A haul of Anglo-Saxon treasure dating back 1,500 years which was found buried on farmland six decades ago is expected to fetch £30,000 at auction.
The ancient items – which shed light on life in medieval England – were hailed as one of the most significant archaeological discoveries of the 20th century when they were uncovered between 1962 and 1979.
History teacher Gordon Taylor stumbled across more than 250 artefacts when he initially unearthed a piece of bone at Welbeck Hill, in Irby-on-Humber.
This stunning Anglo-Saxon gilt square-headed brooch could fetch a five-figure sum at auction
Hundreds of Anglo-Saxon objects dating back to AD 425-600 were recovered 60 years ago
An Anglo-Saxon amber beaded necklace with semi-precious stones was among items found
More and more items, dating back to 425-600 AD, were gradually unearthed from 72, mainly female, graves including rare brooches, pots, knives and spearheads.
Silver pendants, using characters from the early Teutonic alphabet, were also discovered at the site during excavations led by Mr Taylor almost 60 years ago.
The incredible collection of historical treasure will go under the hammer today with a guide price of £30,000 at Hansons Auctioneers in Etwall, Derbyshire.
It also includes tweezers, scissors, jewellery, amber and pottery beads and a girdle-hanger, which resembled keys and symbolised women controlling the home.
Mr Taylor, of Cleethorpes, died in 2017 at the age of 88 and left his collection to his wife Muriel, who now wants the collection to end up in a museum.
Under the Treasure Trove legislation at the time, the artefacts did not require surrendering.
Mrs Taylor, 89, said: ‘It’s so important to me that this collection stays together. I would like it to be preserved in a museum.
‘It’s my late husband’s life work and a crucial part of England’s Anglo-Saxon history.
Who were the Anglo-Saxons and when were they around?
Anglo-Saxon England was early medieval England, existing from the 5th to the 11th centuries from the end of Roman Britain until the Norman conquest in 1066.
The Anglo-Saxons were the members of Germanic-speaking groups who migrated to the southern half of the island of Great Britain from nearby northwestern Europe.
According to St. Bede the Venerable, the Anglo-Saxons were the descendants of three different Germanic peoples—the Angles, Saxons, and Jutes. By Bede’s account, those peoples originally migrated from northern Germany to the island of Britain in the 5th century at the invitation of Vortigern, a ruler of Britons, to help defend his kingdom against marauding invasions by the Picts and Scotti, who occupied what is now Scotland.
‘Gordon used to enjoy field walking and, one day in 1962, came across a piece of the femur bone and a fragment of Anglo-Saxon pottery on the surface.
‘He consulted the farmer who owned the land to gain permission to dig. That was the start of a 17-year excavation.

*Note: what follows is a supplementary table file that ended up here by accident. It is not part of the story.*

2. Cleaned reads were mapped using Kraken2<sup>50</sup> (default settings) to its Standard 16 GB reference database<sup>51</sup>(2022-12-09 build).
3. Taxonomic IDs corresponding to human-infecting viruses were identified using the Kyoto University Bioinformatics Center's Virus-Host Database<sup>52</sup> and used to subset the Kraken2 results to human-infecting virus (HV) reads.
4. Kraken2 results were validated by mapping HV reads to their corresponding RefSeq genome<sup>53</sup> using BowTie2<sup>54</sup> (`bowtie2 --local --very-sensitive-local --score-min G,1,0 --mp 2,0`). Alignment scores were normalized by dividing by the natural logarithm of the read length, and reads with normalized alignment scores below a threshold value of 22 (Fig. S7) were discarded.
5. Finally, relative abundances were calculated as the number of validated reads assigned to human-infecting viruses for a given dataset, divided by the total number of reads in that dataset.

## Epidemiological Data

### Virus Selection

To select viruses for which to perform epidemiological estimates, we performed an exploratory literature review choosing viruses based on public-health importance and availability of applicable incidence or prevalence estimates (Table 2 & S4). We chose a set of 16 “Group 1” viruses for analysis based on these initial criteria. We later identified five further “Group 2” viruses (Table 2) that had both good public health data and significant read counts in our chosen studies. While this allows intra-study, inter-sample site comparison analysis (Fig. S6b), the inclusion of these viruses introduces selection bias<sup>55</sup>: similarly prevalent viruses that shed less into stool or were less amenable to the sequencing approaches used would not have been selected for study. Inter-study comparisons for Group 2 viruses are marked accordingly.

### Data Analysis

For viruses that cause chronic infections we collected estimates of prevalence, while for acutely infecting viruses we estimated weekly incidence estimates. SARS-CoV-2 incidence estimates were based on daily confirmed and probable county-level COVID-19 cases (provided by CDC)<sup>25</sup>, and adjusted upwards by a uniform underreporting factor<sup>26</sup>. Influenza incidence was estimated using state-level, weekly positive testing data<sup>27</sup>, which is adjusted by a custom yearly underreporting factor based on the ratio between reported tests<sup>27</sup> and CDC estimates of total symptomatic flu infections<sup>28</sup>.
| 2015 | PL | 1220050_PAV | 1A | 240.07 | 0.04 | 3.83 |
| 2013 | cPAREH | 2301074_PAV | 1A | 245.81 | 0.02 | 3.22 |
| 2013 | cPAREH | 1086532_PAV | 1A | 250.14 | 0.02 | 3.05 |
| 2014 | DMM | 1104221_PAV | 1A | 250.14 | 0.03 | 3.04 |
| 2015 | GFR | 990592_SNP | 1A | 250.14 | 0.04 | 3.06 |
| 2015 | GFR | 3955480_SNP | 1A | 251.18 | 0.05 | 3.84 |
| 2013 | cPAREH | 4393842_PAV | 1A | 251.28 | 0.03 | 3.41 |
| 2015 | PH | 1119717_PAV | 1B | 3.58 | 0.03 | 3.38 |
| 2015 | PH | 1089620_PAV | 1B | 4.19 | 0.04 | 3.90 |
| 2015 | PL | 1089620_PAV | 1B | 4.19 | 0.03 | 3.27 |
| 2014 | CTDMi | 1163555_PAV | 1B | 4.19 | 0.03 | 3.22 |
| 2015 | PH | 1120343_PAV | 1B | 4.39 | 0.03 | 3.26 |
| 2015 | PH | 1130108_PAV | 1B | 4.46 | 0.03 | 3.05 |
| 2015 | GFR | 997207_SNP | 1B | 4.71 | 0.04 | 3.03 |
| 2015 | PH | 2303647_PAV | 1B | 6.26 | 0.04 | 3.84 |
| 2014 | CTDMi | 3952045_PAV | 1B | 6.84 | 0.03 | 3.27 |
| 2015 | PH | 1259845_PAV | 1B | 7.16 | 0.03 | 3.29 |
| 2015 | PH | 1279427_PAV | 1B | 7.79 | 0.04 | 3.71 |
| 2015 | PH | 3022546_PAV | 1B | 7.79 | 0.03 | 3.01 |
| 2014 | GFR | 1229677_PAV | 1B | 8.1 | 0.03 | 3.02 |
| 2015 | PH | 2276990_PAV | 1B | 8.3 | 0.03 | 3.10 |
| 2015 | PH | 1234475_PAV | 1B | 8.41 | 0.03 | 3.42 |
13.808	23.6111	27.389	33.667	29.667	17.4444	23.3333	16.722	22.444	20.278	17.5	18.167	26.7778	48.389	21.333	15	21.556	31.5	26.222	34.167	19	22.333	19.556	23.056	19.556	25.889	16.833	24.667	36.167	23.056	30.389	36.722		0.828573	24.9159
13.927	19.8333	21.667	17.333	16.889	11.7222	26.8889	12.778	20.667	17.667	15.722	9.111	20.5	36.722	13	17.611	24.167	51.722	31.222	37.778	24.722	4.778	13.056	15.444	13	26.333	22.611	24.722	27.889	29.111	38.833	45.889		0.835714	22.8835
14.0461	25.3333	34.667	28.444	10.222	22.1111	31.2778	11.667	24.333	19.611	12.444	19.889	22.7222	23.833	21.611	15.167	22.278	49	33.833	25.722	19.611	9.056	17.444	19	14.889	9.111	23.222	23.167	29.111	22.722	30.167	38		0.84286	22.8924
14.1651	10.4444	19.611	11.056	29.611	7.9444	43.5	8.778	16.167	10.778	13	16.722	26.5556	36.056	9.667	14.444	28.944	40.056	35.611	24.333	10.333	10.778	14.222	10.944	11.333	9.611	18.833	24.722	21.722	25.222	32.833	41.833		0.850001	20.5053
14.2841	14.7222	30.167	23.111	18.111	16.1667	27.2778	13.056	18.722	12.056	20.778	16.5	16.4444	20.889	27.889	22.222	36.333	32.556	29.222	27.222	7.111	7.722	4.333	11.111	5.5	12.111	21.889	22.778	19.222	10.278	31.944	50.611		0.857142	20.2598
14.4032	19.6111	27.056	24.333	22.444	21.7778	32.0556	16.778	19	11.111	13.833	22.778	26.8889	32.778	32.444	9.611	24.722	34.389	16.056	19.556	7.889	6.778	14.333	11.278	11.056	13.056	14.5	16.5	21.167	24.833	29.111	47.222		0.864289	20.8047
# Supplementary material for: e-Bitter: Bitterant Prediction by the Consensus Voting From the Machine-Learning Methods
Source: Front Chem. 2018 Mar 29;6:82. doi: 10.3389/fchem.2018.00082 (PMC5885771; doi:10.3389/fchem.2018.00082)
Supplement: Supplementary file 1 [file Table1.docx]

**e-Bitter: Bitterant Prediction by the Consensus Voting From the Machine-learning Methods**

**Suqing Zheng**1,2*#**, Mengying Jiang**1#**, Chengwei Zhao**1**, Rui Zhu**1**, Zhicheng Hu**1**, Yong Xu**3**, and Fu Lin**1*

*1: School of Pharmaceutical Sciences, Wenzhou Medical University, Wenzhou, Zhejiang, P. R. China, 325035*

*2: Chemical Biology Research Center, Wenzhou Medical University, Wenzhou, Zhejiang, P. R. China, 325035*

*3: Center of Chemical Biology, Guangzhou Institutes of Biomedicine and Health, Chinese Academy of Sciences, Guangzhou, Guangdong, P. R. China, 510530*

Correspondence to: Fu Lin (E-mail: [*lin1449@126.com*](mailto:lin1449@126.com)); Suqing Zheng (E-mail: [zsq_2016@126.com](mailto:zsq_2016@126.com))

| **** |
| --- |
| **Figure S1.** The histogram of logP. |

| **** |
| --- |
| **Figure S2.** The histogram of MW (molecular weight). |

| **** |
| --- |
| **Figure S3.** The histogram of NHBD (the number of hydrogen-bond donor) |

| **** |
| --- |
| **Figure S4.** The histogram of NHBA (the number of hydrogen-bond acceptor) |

‘He hadn’t studied archaeology before but was so excited about it. He was very, very busy with it all, documenting each find.
‘Welbeck Hill was Gordon’s life. He did very well, considering he left school at 14 and didn’t pass his 11 Plus.
‘He was self-taught and eventually became a history teacher. His research was very thorough and academic which is shown in the extensive and meticulous recordings.’
Gordon’s son, Geoff, remembers joining his dad at the dig and finding an important pot.
He said: ‘A picture was taken of me at the site when I was ten years old was published in the paper.’
This then led to the discovery of what was described as one of the most remarkable pagan Anglo-Saxon sites ever found in Britain.
These ancient scissors were also unearthed from farmland in Lincolnshire and will be sold alongside the other artefacts
The late Gordon Taylor led excavations and dedicated his life to researching the ancient finds
These silver spiral finger rings were also found from digging up 72, mainly female, graves
This pottery was found at the site and would’ve been used by the first Englishmen and women
Students and archaeologists from the UK and overseas all volunteered their services to help at the dig.
Gordon spent most of his spare time excavating the site and researching the finds as it quickly became a labour of love.
In an article for Grimsby Archaeological Society, the dad-of-four wrote: ‘Welbeck Hill has yielded finds of great importance including pottery, metalwork, jewellery, textiles, and wood.
‘These objects were made and used by some of the first Englishmen.’
Charles Hanson, owner of Hansons Auctioneers, said: ‘These items were used or worn by the first Englishmen and women.
‘They provide a wonderful insight into what life was like for our ancestors.. We would like to see the entire collection kept together, preferably in a museum.
‘These objects deserve to be saved for the nation. These items were lost in the ground, destined to decay or be churned up by a plough.
‘They’re part of England’s rich heritage and deserve to be on display.’